The German military used a lot of different small-caliber pistols during World War One, and the Jäger is one of the most interesting of them. Its unique design was the result of needing to build pistols for the war effort on machines and tooling that were not suited for pistol production. The answer? Replace the single milled frame with a combination of simpler parts that would be pinned and screwed together into a frame equivalent. Quite ingenious.
Now, I have don a previous video on the Jäger, and Othais & Mae at C&Rsenal recently published an outstanding video covering the pistol’s history. What neither of those videos covered, though, was the actual reassembly process. It’s tricky and frustrating, so I figured with a nice Jäger on hand I should document that process.
You can see my previous Jäger video here: https://www.youtube.com/watch?v=VKkUUr4wSrM
You can see the C&Rsenal video on the Jäger here: https://www.youtube.com/watch?v=8kvt9eVQ7d4
Very interesting and inspiring design and thanks for showing it. When comes to C&R, they are simply phenomenal. Good to see all you folks to work together to benefit of us, collectors and enthusiasts. And did I say tinkerers…?
What a cleverly thought out (and unfriendly) pistol
I’m really impressed (with the gun and Ian’s re-assembly)
Did Ian say “national proof?”
it’s “nitro proof” (smokeless).
So it was designed by someone which good know manufacturing process but not good practical usage of automatic pistols?
The purpose of manufacturing such a pistol is realy hard to understand. Frame side plates seem press cut, but lot of machined places inside and out. Front strap with trigger guard and rear strap seem all machined, if not cast or forged. Slide seems press cut and formed but machined inside. Breechbolt seems all machined and slide looks as if formed half sized for the sake of barrel to be fixed high by integral lateral lugs resulting a rather little mass for the cartridge to be used, barrel seems harder to manufacture than the other samples of that age. It is quite possible to form much better designs with the materials and workmanship wasted to built such a handgun. IMHO.
Strongarm, if you watch the C&Rsenal video linked in the description you’ll get an idea of what’s going on here. The gun maker in question was familiar with the construction of double guns built up from die-cut parts. He needed to go into “military” weapon construction to be allowed to continue in the gun making business during the war, so he figured out how to make a “military” pistol using the same techniques used to build their double guns. Thus saving the company from being shut down all together during the “military emergency.” So, what we end up with is an example of gun design expediency rather than practicality.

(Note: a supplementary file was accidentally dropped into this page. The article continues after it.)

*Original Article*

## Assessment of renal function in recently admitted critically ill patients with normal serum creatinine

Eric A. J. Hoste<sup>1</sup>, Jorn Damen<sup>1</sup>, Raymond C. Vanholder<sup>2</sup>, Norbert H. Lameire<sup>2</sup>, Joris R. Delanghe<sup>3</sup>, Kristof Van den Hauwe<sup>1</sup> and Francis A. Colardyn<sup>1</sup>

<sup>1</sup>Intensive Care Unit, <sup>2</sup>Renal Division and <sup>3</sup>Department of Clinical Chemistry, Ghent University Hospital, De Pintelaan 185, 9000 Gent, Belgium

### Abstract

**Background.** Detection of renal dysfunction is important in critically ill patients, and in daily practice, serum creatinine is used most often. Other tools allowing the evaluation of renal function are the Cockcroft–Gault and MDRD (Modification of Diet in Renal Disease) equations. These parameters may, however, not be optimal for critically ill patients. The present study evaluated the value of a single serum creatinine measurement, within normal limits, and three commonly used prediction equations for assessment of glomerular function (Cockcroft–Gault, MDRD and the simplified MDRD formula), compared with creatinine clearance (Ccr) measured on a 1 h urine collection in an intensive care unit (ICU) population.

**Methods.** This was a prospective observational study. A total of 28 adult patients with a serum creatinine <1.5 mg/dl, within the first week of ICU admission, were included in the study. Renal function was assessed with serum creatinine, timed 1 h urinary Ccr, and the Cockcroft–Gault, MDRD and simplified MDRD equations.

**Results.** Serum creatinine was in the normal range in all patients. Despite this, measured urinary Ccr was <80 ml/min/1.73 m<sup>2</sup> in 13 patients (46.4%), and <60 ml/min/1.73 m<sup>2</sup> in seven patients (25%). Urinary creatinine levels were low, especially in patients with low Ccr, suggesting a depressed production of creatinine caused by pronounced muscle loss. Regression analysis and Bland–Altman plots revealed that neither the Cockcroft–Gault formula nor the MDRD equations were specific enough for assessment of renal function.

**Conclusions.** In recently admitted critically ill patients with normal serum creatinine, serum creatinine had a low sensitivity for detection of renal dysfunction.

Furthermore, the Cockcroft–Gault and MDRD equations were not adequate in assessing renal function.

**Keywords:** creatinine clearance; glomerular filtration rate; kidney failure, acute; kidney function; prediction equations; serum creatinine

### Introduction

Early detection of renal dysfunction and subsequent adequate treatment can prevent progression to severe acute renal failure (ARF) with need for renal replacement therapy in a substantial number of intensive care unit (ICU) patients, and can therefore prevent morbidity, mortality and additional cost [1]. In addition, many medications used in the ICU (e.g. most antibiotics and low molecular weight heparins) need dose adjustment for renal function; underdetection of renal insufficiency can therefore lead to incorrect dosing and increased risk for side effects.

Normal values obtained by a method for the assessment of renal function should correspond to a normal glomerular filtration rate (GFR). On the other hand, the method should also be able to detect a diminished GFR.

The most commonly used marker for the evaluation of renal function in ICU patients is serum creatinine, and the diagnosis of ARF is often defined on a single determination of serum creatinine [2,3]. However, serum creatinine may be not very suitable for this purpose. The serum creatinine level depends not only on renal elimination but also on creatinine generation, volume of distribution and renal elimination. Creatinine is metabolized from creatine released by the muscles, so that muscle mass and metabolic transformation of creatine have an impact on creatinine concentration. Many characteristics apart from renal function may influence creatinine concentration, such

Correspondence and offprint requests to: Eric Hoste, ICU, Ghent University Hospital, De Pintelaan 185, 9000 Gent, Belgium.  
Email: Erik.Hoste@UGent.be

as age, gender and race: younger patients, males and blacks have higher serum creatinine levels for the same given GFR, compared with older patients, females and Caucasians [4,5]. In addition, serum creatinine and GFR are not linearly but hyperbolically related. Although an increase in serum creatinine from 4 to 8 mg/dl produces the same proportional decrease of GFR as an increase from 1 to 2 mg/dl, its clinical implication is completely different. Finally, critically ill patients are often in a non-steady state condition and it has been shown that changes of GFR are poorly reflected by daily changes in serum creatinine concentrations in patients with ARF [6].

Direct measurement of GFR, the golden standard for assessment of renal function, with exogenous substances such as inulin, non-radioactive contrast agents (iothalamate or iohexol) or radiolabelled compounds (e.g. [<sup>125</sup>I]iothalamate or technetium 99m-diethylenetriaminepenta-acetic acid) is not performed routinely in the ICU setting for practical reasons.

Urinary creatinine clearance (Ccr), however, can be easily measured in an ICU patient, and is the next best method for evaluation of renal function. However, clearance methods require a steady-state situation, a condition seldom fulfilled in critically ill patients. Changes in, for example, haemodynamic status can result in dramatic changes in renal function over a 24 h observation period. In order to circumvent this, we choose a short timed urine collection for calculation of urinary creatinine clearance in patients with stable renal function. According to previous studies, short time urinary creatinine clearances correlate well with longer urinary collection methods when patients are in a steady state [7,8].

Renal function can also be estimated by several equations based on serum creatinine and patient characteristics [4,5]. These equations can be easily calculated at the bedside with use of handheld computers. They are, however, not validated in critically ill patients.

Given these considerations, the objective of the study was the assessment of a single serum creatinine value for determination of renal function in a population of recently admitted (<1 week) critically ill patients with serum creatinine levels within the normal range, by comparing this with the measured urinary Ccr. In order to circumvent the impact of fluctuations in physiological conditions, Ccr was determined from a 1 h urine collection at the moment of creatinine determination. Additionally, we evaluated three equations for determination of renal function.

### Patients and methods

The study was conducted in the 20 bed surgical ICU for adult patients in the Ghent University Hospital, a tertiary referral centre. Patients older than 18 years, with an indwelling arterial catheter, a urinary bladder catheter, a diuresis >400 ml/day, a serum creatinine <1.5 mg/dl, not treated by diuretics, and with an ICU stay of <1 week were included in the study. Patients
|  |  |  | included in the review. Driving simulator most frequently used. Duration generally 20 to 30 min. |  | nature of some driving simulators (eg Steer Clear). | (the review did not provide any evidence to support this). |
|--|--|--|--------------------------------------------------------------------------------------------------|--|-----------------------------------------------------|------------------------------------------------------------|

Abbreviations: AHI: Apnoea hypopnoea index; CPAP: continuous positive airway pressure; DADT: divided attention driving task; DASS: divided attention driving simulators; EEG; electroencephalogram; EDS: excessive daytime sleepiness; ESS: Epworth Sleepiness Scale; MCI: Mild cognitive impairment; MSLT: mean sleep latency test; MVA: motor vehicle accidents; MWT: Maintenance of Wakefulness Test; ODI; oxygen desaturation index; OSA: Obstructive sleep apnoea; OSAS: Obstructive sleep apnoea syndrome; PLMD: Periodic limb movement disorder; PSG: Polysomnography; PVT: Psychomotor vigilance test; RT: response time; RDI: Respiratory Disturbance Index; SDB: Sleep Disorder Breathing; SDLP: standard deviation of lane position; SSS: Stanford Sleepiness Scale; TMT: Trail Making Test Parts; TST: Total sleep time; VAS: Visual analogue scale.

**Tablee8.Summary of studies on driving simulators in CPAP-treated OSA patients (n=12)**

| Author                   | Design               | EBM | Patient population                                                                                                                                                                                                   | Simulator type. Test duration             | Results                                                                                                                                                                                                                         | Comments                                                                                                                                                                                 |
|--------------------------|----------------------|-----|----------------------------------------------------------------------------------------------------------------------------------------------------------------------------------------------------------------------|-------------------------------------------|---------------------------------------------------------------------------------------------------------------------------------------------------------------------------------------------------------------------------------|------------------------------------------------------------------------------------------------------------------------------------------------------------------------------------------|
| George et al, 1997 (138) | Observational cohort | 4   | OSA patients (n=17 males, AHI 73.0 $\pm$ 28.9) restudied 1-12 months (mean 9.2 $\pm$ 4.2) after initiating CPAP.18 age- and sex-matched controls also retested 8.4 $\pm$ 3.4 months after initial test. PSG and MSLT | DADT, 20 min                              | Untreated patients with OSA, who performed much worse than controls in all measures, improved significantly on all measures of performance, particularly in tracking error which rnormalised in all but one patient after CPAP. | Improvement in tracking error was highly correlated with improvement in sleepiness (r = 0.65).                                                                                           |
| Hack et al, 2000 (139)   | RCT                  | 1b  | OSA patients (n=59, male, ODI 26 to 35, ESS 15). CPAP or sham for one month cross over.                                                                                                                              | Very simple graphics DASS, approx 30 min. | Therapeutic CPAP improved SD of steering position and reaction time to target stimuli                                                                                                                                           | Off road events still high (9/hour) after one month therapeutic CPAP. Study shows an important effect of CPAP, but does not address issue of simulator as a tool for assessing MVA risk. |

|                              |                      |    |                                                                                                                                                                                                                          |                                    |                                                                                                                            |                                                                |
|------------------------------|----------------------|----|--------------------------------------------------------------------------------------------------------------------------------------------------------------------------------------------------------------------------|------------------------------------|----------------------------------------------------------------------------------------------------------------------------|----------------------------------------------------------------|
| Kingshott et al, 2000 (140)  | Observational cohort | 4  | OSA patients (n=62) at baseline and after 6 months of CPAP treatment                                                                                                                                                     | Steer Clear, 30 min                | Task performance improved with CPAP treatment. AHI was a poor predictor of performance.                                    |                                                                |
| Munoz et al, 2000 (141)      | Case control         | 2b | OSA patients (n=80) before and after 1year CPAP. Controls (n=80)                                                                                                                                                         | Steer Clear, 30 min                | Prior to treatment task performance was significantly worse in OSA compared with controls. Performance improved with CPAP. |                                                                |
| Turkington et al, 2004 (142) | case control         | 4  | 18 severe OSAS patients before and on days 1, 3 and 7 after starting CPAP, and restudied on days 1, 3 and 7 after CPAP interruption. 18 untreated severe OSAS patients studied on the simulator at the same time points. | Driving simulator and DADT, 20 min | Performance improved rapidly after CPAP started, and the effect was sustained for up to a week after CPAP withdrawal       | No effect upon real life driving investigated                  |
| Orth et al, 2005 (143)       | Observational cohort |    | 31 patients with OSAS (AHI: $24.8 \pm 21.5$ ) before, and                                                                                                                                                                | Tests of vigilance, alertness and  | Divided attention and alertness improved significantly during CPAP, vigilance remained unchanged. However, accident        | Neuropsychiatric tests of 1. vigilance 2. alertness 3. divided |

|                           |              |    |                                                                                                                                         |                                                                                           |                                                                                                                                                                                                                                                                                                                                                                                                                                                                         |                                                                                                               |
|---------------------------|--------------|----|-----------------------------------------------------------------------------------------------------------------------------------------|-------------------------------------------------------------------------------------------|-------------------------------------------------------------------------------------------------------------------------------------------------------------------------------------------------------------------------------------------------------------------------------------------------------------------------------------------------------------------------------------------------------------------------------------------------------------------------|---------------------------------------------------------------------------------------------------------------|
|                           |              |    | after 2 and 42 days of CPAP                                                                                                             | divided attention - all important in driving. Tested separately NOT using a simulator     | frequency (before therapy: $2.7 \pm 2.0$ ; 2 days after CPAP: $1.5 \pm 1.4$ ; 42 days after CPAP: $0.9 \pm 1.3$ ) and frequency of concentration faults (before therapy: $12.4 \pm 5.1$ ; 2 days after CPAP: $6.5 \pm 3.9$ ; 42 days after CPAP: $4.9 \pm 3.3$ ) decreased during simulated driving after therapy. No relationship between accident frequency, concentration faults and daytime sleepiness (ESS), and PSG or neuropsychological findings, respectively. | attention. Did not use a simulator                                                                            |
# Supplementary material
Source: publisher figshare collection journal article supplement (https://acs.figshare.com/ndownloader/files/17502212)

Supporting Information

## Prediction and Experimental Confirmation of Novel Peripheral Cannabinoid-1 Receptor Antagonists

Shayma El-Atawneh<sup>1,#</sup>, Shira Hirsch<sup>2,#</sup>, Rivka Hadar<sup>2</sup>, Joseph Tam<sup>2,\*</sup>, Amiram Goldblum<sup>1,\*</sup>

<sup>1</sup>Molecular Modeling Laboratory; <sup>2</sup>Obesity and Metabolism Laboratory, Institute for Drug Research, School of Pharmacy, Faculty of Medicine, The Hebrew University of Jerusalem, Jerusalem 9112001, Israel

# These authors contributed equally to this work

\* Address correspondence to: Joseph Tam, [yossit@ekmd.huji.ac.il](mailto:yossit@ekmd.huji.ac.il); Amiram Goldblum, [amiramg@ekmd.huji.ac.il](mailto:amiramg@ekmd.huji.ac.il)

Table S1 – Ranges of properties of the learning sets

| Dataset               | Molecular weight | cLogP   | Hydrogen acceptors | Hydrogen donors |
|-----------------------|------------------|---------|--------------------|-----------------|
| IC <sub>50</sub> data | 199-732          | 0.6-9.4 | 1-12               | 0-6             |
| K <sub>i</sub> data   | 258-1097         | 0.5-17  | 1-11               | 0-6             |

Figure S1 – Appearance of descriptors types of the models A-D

What did you expect when someone hasn’t got the tools for making single unit pistol frames? If all you’re going to get apart from the barrels is sheet metal, this setup is the logical conclusion.
Exactly, it is much cheaper method. Other alternative is number of machining setups/ fixtures and substantial quantity of end-milling bits, tool grinding capability etc., not to mention machine tools, inspection gages and so on.
Big saving… to say for short.
Thanks for your interest in my post Brian. However, the origin of the author would not explain to form the frame with upward side walls closing the barrel instead of using the same mass into the slide front section and by means, creating a more sturdy inertia against to the recoil and further, simply bending the upper side of frame to inside at barrel base section and thus forming a strong guide for barrel attachment and causing a more simpler barrel free from strange side lugs and further using the recoil spring as cocking support instead of a simple lug at end of the frame, and more further using screws over and there for parts engagement and more and more further some other strange construction forms if to be searched.
A different pistol; Yes… But a clever design; By no means…No!…
By the way, thanks for C&Rsenal for the author related patents. Thus we learned from where the new and innovative O/U double Benelli shotgun genius came from.
Strongarm, I said “gun design expediency” not “clever design.” If you get your hands on some of his Herold guns you’ll see what I mean.
I believe the reason was lower cost. Yourself, being a person knowledgeable of manufacturing processes can easily grasp how long and what effort it takes to manufacture pistol frame by conventional method by chipping it out of block of solid material.
(And yes, I remember seeing process sheets for making HP steel frame.)
Btw, it is likely that this pistol’s side plates are cast (I believe lost wax method of casting was used already then. (Lost was would have saved whole bunch of machining.)
Forgot to mention; It was my opinion, not an answer for what you stated. However for an inventor who designed very clever lock engegements to be inspired by Benelli, should be more clever than the merits reflecting in this pistol even if it had been designed within three mounths which is read in Franz Jeager’s biography.
This was such a great video Ian hope you don’t mind posted a link at NCGO.com.
I have to wonder how well a screwed together firearm would stand up under hard military use. I realize that a pistol was more a badge of office than a serious weapon and unlikely to ever come out of its holster, but the trenches were pretty unforgiving places for firearms.